For all the emphasis we put on Christmas gifts and the excitement of Christmas morning (and I’m as guilty as anyone…nor do I think these are bad things), you know what’s really surprising? Try to think back and remember individual Christmas mornings.
If you’re like me, you remember specific gifts and noteworthy Christmases, but have large swaths of holiday mornings that have vanished into the mists of time (the mist is tinted a festive red and green, of course, but it’s mist all the same). I remember, for example, one Christmas when the local Kmart was going out of business and my parents were able to get me two significant lego sets. This was a big deal! Also, I remember the Christmas when we got a new puppy on Christmas Eve and she woke us all up at 4:30am the next morning. Presents were all open before 7 that year:-).
But there have been lots of Christmases and lots of presents that I have no memory of. I sometimes even have trouble parsing out the holiday’s we’ve had with our kids, and I’m sure the specifics will dim further with time.
One thing I’m hoping will really stick with our kids as a lasting memory are the repeated traditions that we establish around the holidays. Several years ago at Easter we started having a “dark day.” Credit for this idea goes to my sister-in-law, I think. At sundown on Good Friday we put tape on all the light-switches and don’t use any electricity (with a few minor exceptions) until Sunday morning. The darkness forces us to slow down and enforces a feeling that this is not a normal day; the lack of electricity forces a simpler dinner on Saturday, which further enhances this feel. After trying this for one year, we were pleasantly surprised to find how impactful it was to the kids. They really remembered it and looked forward to doing it again.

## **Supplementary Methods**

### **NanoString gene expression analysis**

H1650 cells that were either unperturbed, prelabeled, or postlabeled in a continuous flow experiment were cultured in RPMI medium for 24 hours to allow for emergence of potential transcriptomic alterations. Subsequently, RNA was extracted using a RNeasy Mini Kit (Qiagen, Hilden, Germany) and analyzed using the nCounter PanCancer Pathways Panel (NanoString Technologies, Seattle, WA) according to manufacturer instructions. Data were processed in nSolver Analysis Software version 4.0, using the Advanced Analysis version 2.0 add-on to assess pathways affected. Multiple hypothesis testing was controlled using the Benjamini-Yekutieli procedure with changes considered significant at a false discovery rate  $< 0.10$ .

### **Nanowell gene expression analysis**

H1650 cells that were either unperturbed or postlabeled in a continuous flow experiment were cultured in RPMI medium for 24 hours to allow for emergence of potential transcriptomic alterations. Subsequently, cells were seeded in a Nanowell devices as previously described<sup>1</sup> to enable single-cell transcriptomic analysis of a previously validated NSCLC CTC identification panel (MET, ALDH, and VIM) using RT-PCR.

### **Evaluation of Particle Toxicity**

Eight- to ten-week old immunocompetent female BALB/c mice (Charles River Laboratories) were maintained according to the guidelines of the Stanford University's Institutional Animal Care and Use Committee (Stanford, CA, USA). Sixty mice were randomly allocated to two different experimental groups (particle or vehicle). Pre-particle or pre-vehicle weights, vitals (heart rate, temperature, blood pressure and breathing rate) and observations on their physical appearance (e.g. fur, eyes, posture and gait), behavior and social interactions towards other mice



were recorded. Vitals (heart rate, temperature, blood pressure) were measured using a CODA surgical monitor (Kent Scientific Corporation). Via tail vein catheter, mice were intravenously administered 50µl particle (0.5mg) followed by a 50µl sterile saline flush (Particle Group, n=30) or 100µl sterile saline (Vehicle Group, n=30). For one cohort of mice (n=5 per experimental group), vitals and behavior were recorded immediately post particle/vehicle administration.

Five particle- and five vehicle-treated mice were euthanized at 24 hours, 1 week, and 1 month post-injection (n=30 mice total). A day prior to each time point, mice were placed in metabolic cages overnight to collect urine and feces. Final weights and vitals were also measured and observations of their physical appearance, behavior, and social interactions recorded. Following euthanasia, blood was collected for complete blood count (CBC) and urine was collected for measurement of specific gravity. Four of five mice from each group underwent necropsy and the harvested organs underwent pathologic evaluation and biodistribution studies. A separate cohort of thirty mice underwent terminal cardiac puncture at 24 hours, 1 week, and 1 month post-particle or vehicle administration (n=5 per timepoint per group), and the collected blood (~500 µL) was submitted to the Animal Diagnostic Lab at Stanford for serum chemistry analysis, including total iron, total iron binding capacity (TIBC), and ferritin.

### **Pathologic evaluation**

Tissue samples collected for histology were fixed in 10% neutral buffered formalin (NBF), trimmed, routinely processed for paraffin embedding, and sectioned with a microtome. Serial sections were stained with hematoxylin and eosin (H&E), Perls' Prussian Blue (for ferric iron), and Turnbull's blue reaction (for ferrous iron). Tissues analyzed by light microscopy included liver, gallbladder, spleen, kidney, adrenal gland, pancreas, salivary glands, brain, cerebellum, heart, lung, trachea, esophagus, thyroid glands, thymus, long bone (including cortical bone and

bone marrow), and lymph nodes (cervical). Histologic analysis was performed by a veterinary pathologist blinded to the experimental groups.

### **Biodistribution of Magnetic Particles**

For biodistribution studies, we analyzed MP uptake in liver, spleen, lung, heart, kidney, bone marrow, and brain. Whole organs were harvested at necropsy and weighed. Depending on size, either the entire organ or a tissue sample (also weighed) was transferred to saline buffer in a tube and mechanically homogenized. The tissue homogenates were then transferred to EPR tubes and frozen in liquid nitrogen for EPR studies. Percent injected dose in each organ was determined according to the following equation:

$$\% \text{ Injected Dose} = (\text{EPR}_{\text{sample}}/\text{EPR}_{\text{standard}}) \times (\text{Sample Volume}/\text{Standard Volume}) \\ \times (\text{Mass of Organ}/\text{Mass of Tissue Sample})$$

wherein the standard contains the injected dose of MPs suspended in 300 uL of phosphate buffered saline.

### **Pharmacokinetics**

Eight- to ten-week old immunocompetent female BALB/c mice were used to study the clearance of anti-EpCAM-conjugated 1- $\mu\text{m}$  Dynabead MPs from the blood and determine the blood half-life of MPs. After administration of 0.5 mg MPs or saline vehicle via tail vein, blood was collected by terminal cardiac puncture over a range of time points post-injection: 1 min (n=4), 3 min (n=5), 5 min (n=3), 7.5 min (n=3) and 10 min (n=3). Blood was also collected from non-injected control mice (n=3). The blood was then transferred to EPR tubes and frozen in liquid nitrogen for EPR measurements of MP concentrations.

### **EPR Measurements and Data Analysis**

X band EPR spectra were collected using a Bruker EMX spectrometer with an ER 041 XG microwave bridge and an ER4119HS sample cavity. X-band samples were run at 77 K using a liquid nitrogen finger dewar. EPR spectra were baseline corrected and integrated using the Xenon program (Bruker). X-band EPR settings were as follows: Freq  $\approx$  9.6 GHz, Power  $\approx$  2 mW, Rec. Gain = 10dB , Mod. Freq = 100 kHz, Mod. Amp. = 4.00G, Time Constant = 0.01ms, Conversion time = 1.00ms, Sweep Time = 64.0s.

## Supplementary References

It was harder for us to find something similar for Christmas. We have an annual drive around the neighborhood to look at lights, but we wanted something tied more to the meaning of Christmas. Two years ago we tried this: on Christmas Eve we watched a new movie together as a family and then the kids constructed a “tent” in the living room. They brought down their pillows and sleeping bags and slept under the “stars” (Christmas lights) like the shepherds did that night so long ago.
The tradition stuck.
It’s a simple thing. We’re not teaching any deep theology and, admittedly, the connection is at a very surface level. But it seems that it will be a lasting practice: they remember it and look forward to it and I hope – apart from setting the day apart as special – that this tradition shines out in their memories despite the inevitable fogs of time.